I'm From

This was the year when one picture book creator after another gave us a glimpse of the neighborhood that informed the writer or illustrator within, including Raúl the Third’s exuberant ¡Vamos! Let’s Go Read, in which an entire Mexican American community celebrates books and literacy with bilingual abandon, and Margarita Engle’s Water Day, where a Cuban neighborhood looks forward to the water man's delivery of fresh water for every living thing. Olivia Sua’s tropical scenes transport readers as the quiet message of conservation trickles sweetly over the pages.

I’m From, written by Gary R. Gray, Jr., joins these titles with glee. Collaborating on the work with uncanny synchronicity is Oge Mora, who in both color and form turns a boy’s shy stabs at Black identity into a larger anthem of family, ancestors, culture, love, and universal belonging. It’s a neighborhood no one can resist.

In the book, a young Black boy wakes up, eats breakfast, endures a “looooong school day,” makes an afterschool trip to the corner store, and returns back to home and family. In her Horn Book Magazine review, Monique Harris says, “While describing a seemingly ordinary routine, the lyrical text is a journey through Black language and culture, evoking a sense of identity, community, and connectedness."

First, let’s teach children to open up books flat so they can see the front and back jacket as one entire spread! Mora shows the never-named narrator in flight, soaring over a cityscape as high as a sun-moon amalgam; below, a tiny figure chases a missed bus while a blue-lined notebook paper stands in for a less-than-stellar school day and invasive questions: “Can I touch your hair?" "Where are you from?” These words show up in the pictures, in the colors of tissue-paper stained glass, and because the narrator is an artist, lose their power by becoming seamlessly worked into mixed-media collage.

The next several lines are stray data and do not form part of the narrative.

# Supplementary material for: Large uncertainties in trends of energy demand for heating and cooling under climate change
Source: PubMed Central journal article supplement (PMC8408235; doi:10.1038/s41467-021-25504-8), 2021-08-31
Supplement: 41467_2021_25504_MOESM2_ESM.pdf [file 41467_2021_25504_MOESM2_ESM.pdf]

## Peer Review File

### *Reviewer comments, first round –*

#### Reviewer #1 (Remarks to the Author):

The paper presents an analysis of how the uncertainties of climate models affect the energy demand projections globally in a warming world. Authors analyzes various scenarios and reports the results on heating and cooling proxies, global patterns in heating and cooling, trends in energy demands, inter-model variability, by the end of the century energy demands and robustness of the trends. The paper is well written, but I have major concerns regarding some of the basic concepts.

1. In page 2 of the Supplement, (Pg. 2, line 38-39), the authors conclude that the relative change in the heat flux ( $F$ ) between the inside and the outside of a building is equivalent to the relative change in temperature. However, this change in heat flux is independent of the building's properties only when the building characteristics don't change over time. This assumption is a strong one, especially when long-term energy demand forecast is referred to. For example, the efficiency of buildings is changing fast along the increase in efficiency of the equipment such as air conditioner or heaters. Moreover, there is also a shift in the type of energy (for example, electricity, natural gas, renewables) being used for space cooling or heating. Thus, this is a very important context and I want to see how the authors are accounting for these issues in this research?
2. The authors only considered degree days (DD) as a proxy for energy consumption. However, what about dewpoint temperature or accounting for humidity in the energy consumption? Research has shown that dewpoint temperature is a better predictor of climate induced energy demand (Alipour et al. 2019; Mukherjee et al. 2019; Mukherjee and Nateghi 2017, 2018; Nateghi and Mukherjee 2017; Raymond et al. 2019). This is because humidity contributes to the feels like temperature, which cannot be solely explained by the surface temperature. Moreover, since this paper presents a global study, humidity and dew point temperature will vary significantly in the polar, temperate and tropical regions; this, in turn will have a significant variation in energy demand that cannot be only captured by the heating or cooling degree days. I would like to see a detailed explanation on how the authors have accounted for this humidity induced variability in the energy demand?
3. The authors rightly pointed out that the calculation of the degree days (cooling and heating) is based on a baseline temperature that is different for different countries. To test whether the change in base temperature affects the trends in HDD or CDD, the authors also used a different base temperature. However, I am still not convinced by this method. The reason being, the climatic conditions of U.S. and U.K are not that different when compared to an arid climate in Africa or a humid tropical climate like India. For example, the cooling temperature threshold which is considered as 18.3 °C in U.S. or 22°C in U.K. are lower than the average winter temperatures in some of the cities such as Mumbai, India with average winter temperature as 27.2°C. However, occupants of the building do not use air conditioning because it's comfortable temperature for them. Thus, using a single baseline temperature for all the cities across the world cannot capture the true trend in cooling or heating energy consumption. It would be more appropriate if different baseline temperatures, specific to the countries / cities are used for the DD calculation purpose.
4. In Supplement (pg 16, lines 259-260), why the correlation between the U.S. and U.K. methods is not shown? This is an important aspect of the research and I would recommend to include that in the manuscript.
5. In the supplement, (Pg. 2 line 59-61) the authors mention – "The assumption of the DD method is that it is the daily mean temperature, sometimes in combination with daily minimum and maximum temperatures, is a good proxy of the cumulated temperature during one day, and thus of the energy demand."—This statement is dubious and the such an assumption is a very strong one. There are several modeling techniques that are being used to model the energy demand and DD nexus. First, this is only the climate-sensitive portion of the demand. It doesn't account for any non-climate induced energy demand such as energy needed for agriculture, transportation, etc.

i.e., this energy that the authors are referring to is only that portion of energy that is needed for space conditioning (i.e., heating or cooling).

Every subsequent spread shows small scenes of family chaos and coziness as the child’s day ticks by, from rising to sleep, every action described on lined paper as if part of a kid’s essay. As Gray’s pacing grows urgent and the child seeks the solace of home after school, Mora grounds the family in domesticity before opening up the scenes to grand dreams beyond this Earth. Front and back endpapers remind onlookers that the narrator (or writer) and the illustrator may have laid the paths of their future in blocky scribbles on a page.

Yes, it’s an anthem, but the reason Caldecott should be calling is that I’m From is also a template; there are as many versions of the book as there are children in the world. By handing out keys to the secret of belonging, Gray’s profoundly childlike words and Mora’s iridescent scenes teach a brand of storytelling that allows every child to dream of a future, right from the neighborhood, right from home.

[Read The Horn Book Magazine review of I'm From]

Kimberly Fakih

Kimberly Fakih is a Senior Editor, Picture Books, at School Library Journal.

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